Tough on Crime or Tougher to Prosecute?
The Money Laundering, Terrorist Financing and Transfer of Funds (Information on the Payer) Regulations 2017 (MLR 2017) implemented the EU’s 4th Directive on Money Laundering. Aimed at improving the 2007 Regulations (MLR 2007), they oblige relevant persons to take a more risk-based approach towards anti-money laundering.
Following recent news that UK professional groups have been criticised over their failure to tackle money laundering in their industries, Jessica Sobey, barrister at Stokoe Partnership Solicitors, examines the Money Laundering Regulations 2017, making some interesting points.
The MLR 2017 creates several criminal offences, the most significant of which is that of breaching a relevant requirement. The relevant requirements demand that those operating within the regulations undertake certain activities and refrain from undertaking others unless the proper processes and procedures are in place. Regulation 86 makes it a criminal offence to breach a relevant requirement, carrying the risk of a fine and/or up to two years imprisonment.
However, a freedom of information request made by Eversheds Sutherland to the Home Office revealed that as of October 2018 there had been no prosecutions under the regulations. So what does that mean for the sanctions that were promised to better regulate the financial services sector? Are we to assume that the very threat of a breach has led to a sea change within the sector; or is this simply a case of the relevant authorities failing to investigate and/or prosecute those who are in breach of the regulations?
The regulations themselves were only laid before Parliament one working day prior to commencement; leaving very little time for those who would be affected to prepare for their implementation. It would perhaps not be surprising therefore if regulators allowed a period of time to adapt to the new requirements. However, a period of some fifteen months had passed between the date of implementation and the freedom of information request.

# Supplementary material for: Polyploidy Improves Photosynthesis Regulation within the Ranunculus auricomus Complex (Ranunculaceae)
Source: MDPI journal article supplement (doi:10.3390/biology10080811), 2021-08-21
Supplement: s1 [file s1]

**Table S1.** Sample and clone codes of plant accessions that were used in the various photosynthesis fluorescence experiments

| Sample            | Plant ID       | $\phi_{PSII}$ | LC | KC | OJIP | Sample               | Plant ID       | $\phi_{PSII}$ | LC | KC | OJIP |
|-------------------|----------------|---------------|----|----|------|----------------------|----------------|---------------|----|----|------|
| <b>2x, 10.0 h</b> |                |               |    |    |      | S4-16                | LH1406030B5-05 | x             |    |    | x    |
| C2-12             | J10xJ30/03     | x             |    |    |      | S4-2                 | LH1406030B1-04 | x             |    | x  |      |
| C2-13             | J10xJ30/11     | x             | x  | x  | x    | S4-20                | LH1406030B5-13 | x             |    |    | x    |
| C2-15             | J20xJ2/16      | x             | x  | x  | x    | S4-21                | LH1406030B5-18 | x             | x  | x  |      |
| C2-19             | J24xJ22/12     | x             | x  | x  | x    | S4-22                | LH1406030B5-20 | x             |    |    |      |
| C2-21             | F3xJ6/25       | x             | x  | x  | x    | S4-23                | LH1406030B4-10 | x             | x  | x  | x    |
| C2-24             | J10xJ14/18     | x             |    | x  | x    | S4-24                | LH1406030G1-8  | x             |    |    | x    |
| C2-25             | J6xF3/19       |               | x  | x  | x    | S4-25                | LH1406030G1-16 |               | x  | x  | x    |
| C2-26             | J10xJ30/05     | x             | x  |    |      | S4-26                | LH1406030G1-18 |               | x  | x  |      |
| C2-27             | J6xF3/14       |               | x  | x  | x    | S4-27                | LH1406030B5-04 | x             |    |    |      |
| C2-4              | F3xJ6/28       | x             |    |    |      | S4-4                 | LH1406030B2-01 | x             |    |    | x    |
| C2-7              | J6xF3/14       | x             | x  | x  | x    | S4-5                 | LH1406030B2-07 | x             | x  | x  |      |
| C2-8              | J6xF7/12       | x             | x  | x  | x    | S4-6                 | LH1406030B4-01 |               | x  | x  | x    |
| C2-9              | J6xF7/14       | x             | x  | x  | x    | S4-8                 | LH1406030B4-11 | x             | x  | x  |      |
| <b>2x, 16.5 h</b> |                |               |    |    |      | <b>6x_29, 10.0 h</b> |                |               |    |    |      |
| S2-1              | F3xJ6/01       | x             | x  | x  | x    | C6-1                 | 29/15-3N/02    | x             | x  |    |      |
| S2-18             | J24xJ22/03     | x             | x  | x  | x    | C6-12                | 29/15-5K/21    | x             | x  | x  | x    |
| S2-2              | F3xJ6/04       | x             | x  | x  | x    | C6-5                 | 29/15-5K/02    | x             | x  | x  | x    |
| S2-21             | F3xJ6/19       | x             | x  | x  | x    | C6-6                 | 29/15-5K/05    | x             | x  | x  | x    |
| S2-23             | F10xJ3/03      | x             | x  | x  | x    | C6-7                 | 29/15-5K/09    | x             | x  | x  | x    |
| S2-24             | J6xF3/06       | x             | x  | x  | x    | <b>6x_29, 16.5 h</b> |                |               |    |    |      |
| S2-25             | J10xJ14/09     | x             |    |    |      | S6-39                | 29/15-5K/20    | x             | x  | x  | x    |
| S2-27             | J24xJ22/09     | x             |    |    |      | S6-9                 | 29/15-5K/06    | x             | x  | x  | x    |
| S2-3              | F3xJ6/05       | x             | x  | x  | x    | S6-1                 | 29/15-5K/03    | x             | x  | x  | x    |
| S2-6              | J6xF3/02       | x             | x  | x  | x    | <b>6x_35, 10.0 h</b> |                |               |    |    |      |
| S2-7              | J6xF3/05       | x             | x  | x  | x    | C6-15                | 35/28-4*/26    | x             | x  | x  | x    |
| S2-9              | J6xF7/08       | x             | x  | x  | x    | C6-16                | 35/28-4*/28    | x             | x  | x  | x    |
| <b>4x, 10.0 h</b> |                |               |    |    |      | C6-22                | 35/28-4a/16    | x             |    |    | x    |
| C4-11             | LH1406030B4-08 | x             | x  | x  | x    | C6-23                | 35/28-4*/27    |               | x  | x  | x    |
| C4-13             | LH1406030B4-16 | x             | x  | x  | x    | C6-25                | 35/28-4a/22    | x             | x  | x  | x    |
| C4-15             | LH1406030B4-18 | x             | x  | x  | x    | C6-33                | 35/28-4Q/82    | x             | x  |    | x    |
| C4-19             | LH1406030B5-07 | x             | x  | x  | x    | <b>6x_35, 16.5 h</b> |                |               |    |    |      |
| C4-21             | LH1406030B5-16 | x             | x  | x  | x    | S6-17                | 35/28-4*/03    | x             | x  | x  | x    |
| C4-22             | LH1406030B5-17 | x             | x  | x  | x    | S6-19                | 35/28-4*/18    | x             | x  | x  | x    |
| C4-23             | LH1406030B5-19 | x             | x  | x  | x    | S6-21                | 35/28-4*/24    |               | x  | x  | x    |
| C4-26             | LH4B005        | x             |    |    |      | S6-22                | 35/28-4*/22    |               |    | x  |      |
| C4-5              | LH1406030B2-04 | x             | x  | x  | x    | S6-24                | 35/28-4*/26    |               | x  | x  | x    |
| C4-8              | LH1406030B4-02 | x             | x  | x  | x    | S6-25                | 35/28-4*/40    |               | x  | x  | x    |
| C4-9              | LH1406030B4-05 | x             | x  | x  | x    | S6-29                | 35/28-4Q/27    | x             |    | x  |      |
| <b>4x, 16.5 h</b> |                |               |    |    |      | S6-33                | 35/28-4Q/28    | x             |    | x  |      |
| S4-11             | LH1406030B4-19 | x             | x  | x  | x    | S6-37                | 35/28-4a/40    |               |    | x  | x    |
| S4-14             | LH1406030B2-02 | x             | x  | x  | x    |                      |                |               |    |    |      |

In July 2018 Mark Stewart, Director of Enforcement and Market Oversight at the Financial Conduct Authority (FCA) indicated that they had started a small number of investigations into firms’ systems and controls, to establish whether there has been any misconduct that might justify a criminal prosecution under the MLR 2017. Stewart made the following observations:
- That the MLR 2017 specifically makes provision for criminal prosecutions and the FCA is simply giving effect to the purpose of the regulation
- That in most cases an investigation will be opened on a dual track, with both regulatory and criminal offences under consideration with a broad range of outcomes, including no further action
- That the fact that criminal proceedings may be brought does not meant that they will be brought. He re-iterated than an investigation is a fact-finding mission and the presumption of innocence applies during an investigation; and
- That in any potential criminal prosecution the FCA must satisfy both the evidential and public interest test in order to bring criminal charges
Those assertions are in line with the FCA mantra that tackling money laundering would be a priority. But how do they sit with the apparent lack of any such prosecution?
Powers to prosecute are not new; having existed and been put into effect under the MLR 2007. But prosecution is not the only way to deal with regulation breaches, as is indicated by Stewart in what he sets out as a ‘dual track’ approach. It is important to bear in mind that criminal prosecution has a high evidential and public interest test; not least due to the significant costs of bringing such proceedings. Stewart made clear that prosecution would therefore be reserved for the most serious of cases.
Whilst there may at present be an eerie silence surrounding the MLR 2017, it would be reckless for firms not to adhere to the requirements of the regulations. Criminal investigations take time, particularly when they involve vast swathes of financial data. Although the FCA may be cautious to reserve its powers for the most serious of breaches, those in charge have made it clear that they will prosecute when the seriousness test is passed.
I suspect that the eerie silence is representative of a number of factors; not least a period of adjustment but also the sectors initial response to the threat of stricter penalties and perhaps more likely, the fact that other changes bought in by directives such as MiFID II have ensured greater accountability for those in charge of the financial services sector.